• 10 National and Urban Contexts for the Integration of the Second Generation in the United States and Canada
      (pp. 207-228)
      Jeffrey G. Reitz and Ye Zhang

      Is the second generation more successfully integrated in some countries than in others? Cross-national comparisons of the success of the second generation suggest countries may differ as contexts for the assimilation of minorities, with some providing better opportunities for economic mobility or social inclusion than others (Crul and Vermeulen 2003). Given that characteristics of host societies shape the reception and integration of immigrants (Reitz 2003), the questions arise whether these effects, and possibly others, carry over to affect the second generation and, if so, how and why. The following analysis provides such a comparison for the United States and Canada...

      (pp. 229-248)
      Philip Kasinitz, Noriko Matsumoto and Aviva Zeltzer-Zubida

      Few arenas of second-generation incorporation are more important than the labor force. Yet in the most influential accounts of the children of immigrants the discussion of their work lives is largely speculative (i.e., Gans 1992; Portes and Zhou 1993) or aspirational—that is, based on the educational attainment and occupational ambitions of young people still in their late teens (Portes and Rumbaut 2001). This is because the data behind these discussions largely date from the early 1990s, and it was not until later in that decade that the children of post-1965 immigrants began to enter the American labor force in...


    • 12 Black Identities and the Second Generation: AFRO-CARIBBEANS IN BRITAIN AND THE UNITED STATES
      (pp. 251-268)
      Nancy Foner

      It is a sociological truism that the place where the children of immigrants grow up and live shapes how they come to see themselves and others. Context matters. This is obvious. What is not obvious, however, is justhowcontext matters. Although we may expect to find contrasts among the second generation who live in different countries, we cannot always predict how they will differ. Nor are the structural differences among receiving societies that influence identity formation always immediately apparent. Careful cross-national comparisons allow us to appreciate the complex, sometimes subtle, and often surprising ways that the social, political, and...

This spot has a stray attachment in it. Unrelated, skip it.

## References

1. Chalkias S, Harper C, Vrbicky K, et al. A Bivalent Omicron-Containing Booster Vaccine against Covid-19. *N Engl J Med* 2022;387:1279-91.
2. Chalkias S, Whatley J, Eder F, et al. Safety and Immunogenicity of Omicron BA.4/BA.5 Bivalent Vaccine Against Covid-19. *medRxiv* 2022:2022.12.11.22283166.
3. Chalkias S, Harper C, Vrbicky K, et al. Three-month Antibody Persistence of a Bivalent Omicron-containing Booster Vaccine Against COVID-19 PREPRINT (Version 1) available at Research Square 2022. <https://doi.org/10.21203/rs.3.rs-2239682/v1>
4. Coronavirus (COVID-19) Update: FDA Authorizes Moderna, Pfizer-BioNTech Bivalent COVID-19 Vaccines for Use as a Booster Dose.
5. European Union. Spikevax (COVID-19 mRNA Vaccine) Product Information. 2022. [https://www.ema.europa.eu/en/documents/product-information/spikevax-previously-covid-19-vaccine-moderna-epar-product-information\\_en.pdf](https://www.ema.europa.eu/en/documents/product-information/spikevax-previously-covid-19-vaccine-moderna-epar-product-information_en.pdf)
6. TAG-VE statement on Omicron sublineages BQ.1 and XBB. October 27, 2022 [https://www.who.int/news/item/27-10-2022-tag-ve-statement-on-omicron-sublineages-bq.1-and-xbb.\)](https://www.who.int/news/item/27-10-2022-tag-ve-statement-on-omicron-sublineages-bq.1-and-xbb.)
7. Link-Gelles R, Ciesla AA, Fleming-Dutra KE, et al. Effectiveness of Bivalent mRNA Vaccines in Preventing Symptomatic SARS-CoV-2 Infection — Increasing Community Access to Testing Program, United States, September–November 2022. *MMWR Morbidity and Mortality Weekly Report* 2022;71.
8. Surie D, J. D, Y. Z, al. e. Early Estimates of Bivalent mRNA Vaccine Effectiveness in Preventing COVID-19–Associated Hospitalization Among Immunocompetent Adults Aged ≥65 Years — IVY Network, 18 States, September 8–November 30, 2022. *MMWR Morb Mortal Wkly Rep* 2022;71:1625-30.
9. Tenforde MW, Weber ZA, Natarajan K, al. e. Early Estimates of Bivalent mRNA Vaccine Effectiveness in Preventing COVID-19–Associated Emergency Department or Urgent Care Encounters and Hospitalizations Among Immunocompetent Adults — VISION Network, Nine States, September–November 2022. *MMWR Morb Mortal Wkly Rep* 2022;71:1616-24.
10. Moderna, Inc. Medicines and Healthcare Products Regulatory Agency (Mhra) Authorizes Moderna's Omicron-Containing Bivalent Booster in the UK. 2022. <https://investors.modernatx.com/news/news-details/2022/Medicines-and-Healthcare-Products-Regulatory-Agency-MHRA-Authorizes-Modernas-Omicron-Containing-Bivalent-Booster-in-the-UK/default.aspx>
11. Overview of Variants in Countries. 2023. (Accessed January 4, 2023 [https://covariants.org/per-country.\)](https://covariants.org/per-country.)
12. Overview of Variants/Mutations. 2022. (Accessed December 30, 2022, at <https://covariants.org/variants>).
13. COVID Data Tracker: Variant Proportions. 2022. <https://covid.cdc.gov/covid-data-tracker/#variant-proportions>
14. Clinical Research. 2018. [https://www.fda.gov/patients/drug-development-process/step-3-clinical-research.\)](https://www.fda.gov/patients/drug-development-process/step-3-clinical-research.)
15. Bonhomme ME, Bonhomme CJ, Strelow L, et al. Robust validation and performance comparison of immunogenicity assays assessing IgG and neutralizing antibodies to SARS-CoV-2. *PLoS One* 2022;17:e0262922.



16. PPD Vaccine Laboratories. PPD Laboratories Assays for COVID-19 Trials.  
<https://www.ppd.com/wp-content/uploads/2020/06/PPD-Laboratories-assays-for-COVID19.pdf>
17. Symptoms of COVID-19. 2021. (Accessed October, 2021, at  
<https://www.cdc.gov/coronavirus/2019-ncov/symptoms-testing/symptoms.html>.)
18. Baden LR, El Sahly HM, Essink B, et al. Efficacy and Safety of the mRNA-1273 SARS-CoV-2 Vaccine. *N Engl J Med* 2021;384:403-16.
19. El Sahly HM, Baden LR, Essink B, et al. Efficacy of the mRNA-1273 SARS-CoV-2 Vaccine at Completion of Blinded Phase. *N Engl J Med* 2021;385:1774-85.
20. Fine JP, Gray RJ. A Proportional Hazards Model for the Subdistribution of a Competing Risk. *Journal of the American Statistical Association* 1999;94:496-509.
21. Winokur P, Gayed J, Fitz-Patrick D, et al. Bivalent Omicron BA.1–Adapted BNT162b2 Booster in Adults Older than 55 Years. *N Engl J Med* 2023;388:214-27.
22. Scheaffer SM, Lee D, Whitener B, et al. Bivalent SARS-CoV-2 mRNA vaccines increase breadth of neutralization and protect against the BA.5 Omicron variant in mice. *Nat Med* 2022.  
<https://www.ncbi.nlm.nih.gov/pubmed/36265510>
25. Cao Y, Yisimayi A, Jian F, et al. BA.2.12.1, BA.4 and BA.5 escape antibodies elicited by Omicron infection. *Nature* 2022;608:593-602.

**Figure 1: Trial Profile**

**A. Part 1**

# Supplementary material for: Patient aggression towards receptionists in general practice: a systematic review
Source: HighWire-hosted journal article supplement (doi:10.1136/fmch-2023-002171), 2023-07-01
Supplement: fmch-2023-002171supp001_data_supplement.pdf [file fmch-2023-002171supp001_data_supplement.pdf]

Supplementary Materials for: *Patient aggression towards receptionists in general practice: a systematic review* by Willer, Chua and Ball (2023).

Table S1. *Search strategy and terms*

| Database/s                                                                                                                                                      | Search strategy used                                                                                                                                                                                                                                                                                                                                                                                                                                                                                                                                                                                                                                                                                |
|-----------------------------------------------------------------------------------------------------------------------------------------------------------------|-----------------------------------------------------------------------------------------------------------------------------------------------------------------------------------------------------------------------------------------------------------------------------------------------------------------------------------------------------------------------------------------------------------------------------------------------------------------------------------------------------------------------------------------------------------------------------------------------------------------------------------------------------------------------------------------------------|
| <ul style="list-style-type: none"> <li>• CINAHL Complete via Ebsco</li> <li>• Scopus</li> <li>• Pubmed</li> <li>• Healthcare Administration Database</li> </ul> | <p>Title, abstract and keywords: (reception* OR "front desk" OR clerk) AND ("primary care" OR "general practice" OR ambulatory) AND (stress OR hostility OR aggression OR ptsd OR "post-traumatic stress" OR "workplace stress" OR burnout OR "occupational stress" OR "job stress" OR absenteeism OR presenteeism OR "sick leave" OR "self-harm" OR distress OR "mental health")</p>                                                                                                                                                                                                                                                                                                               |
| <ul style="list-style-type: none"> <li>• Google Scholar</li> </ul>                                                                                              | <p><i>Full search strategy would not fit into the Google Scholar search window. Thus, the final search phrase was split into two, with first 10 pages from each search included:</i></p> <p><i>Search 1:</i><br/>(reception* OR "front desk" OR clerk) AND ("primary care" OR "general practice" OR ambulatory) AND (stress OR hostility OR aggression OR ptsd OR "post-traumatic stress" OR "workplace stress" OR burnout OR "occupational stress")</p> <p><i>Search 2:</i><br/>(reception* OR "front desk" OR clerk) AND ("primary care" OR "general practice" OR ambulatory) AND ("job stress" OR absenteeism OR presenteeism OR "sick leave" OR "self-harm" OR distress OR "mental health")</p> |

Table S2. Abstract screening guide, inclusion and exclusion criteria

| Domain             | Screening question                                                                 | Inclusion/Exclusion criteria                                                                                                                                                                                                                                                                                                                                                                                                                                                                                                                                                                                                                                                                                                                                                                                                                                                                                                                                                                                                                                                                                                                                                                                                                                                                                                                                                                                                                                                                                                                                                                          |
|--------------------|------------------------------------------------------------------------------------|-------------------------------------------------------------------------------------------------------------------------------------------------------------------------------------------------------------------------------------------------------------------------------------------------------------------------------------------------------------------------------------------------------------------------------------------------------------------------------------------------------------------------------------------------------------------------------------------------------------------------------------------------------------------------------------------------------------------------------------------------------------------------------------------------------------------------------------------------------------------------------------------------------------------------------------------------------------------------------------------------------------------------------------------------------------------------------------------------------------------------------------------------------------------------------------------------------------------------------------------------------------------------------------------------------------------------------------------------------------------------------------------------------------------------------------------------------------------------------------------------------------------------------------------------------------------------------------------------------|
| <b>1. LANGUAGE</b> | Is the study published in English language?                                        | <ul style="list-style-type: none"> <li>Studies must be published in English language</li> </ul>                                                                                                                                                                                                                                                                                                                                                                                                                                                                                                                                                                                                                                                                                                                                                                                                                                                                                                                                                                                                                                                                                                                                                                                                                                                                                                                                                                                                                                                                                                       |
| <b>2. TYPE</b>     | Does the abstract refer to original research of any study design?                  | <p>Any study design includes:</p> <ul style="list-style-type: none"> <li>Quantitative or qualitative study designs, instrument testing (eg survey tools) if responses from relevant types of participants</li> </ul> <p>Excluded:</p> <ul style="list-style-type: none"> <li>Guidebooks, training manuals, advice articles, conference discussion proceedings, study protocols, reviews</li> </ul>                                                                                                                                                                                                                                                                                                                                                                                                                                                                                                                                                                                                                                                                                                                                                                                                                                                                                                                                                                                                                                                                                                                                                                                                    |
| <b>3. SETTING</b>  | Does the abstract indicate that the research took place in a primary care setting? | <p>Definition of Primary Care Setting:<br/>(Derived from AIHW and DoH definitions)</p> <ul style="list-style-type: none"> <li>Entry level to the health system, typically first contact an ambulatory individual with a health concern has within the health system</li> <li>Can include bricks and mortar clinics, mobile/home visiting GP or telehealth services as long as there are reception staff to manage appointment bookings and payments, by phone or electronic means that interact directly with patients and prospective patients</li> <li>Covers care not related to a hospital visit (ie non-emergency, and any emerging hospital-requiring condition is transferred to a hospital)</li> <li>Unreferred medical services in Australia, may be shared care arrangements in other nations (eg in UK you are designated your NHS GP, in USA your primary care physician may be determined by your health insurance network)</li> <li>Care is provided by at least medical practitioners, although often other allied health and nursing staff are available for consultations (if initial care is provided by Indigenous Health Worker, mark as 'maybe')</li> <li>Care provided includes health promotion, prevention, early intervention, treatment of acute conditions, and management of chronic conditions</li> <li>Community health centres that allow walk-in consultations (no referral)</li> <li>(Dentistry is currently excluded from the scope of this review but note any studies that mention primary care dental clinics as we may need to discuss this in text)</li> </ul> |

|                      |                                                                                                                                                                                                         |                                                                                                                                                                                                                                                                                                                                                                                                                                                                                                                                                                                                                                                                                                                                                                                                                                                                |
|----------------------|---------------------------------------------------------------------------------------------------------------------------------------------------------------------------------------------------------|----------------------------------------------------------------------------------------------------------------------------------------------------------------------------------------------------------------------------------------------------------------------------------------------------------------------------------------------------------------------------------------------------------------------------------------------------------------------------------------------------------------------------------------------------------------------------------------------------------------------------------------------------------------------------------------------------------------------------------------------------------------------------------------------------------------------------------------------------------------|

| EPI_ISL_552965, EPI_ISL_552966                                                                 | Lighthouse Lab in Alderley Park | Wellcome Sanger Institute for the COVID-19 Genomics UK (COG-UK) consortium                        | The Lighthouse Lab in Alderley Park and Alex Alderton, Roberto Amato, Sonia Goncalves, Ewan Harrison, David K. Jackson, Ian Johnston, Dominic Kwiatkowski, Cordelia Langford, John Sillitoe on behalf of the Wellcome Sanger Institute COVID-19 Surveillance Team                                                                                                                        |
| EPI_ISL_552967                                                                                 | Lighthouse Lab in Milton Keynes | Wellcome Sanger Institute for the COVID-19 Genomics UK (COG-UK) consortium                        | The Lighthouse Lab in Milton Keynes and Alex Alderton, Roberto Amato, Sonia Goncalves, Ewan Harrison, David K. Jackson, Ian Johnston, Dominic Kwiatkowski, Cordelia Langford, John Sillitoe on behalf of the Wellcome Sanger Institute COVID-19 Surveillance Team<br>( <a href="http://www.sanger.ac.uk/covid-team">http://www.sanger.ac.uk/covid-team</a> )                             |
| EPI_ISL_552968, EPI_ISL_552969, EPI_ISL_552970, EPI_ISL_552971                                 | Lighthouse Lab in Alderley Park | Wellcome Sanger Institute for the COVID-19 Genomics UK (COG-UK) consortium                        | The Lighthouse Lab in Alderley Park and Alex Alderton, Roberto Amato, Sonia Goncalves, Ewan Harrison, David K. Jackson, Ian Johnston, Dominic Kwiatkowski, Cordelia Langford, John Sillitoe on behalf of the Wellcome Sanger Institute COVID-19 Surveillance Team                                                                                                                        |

(pp. 269-282)
      Maurice Crul

      Research on the second generation of postwar immigrants is a relatively new phenomenon. Only in the past decade has it become a central focus in the study of immigrant integration. In the United States in particular, a theoretical debate has evolved in which research on the second generation plays a fundamental role. That research began to emerge in the mid-1990s, and one of the first publications wasThe New Second Generation, edited by Portes (1996). The postwar second generation in Europe came of age at roughly the same time as the American one. Examples of early studies in various European...

    • 14 The Employment of Second Generations in France: THE REPUBLICAN MODEL AND THE NOVEMBER 2005 RIOTS
      (pp. 283-316)
      Roxane Silberman

      The November 2005 youth riots in France revealed serious shortcomings in the “Republican model” for the integration of immigrants and their offspring into French society. The riots marked an escalation in a two-decade history of weekend car burnings and confrontations with the police. Occurring in low-income neighborhoods characterized by unemployment, drug use, crime, and violence, the riots spurred increasing reference to “ghettos,” a term long rejected by some researchers (Body-Gendrot 1999), who deny any resemblance of these neighborhoods to the low-income minority areas of the United States. Unsurprisingly, the riots involved many second-generation Maghrebins (who are of North African descent),...

  9. References
    (pp. 317-346)
  10. About the Contributors
    (pp. 347-354)
  11. Index
    (pp. 355-369)